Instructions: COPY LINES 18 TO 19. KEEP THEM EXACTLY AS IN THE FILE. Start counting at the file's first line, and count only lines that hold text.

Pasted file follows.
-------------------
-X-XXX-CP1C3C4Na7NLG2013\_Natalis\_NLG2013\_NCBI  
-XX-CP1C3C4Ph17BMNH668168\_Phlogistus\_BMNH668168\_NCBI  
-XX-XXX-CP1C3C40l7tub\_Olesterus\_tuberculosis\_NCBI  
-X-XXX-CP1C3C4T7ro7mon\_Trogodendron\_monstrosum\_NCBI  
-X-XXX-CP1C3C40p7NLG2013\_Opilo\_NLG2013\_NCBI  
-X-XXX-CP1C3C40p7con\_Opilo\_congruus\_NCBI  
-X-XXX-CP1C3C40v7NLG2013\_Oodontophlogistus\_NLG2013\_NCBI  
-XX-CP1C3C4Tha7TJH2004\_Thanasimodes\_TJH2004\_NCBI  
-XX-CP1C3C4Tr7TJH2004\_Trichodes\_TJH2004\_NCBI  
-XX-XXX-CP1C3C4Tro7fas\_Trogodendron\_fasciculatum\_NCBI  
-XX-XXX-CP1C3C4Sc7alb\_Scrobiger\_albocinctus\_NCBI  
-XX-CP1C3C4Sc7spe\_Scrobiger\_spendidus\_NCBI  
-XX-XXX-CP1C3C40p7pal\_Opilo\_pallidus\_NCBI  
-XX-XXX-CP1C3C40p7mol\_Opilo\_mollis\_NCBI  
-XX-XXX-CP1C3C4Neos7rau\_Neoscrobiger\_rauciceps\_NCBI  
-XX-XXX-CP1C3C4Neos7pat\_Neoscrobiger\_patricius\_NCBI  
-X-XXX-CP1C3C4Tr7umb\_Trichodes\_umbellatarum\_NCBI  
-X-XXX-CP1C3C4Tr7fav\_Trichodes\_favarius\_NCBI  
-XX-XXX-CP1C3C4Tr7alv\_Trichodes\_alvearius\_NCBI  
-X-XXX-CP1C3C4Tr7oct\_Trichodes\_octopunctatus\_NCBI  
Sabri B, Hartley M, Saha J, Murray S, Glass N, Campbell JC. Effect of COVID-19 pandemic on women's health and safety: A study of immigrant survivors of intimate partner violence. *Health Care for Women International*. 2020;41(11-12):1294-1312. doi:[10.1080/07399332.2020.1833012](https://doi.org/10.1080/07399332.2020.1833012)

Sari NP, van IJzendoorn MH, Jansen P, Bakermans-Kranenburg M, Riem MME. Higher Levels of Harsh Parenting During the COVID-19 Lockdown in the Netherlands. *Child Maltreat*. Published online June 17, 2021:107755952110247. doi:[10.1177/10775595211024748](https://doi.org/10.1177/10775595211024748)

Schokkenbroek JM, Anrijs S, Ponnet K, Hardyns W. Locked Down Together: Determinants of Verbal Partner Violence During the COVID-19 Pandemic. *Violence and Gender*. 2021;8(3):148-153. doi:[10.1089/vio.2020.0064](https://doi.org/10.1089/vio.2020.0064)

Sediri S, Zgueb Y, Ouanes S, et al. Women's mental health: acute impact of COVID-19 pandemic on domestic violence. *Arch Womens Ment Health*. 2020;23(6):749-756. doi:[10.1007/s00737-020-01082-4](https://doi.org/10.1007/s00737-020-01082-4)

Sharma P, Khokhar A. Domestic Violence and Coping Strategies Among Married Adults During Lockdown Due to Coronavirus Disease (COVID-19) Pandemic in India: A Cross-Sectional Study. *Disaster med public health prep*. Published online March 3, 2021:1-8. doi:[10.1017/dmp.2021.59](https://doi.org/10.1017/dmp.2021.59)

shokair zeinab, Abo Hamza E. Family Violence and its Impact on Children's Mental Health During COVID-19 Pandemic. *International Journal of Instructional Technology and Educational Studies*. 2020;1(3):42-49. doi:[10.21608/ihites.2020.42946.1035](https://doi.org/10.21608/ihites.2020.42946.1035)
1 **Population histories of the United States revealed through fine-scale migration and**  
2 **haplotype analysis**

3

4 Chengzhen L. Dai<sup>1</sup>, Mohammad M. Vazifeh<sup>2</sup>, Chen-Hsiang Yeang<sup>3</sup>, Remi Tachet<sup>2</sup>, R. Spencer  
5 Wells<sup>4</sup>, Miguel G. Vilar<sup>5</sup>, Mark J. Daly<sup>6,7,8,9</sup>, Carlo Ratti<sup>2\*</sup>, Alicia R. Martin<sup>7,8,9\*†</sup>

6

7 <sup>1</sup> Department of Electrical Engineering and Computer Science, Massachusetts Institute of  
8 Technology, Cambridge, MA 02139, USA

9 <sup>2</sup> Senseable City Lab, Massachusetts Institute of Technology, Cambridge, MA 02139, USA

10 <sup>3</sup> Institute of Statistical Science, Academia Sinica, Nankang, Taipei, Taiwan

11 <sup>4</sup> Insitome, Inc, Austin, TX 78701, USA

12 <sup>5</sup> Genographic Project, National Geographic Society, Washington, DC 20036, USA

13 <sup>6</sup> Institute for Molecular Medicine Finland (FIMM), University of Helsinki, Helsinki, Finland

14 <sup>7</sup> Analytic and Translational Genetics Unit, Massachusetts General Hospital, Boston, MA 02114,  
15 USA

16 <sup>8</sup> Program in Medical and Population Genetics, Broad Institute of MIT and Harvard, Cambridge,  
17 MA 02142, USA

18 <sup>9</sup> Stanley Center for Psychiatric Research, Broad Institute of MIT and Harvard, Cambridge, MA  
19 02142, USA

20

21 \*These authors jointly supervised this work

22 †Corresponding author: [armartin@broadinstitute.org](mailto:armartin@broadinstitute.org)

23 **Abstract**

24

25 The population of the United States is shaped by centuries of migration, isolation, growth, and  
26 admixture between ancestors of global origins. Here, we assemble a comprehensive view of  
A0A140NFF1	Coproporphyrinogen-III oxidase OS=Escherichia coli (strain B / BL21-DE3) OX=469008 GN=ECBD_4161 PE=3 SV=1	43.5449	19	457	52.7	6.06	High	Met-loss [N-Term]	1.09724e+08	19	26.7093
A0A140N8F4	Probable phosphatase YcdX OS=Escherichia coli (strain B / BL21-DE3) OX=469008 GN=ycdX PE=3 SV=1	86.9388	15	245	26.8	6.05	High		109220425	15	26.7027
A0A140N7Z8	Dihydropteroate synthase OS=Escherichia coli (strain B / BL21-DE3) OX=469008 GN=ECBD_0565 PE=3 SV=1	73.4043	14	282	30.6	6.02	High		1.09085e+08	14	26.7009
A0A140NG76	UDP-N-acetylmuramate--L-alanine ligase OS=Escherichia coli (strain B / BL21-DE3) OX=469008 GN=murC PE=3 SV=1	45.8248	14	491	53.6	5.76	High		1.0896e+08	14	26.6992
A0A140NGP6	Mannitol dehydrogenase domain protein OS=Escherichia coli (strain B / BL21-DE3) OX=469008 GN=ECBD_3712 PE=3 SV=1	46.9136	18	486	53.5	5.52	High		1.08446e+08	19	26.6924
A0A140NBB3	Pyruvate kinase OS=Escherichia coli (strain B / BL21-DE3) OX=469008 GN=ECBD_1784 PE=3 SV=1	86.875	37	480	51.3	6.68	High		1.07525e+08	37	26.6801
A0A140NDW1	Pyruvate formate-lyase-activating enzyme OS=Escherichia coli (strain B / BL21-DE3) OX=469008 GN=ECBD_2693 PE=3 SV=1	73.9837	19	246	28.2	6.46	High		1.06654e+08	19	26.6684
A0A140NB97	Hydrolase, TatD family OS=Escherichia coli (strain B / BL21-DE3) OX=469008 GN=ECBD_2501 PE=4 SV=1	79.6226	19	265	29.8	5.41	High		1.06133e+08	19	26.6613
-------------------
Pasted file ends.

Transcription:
-X-XXX-CP1C3C4Tr7fav\_Trichodes\_favarius\_NCBI  
-XX-XXX-CP1C3C4Tr7alv\_Trichodes\_alvearius\_NCBI  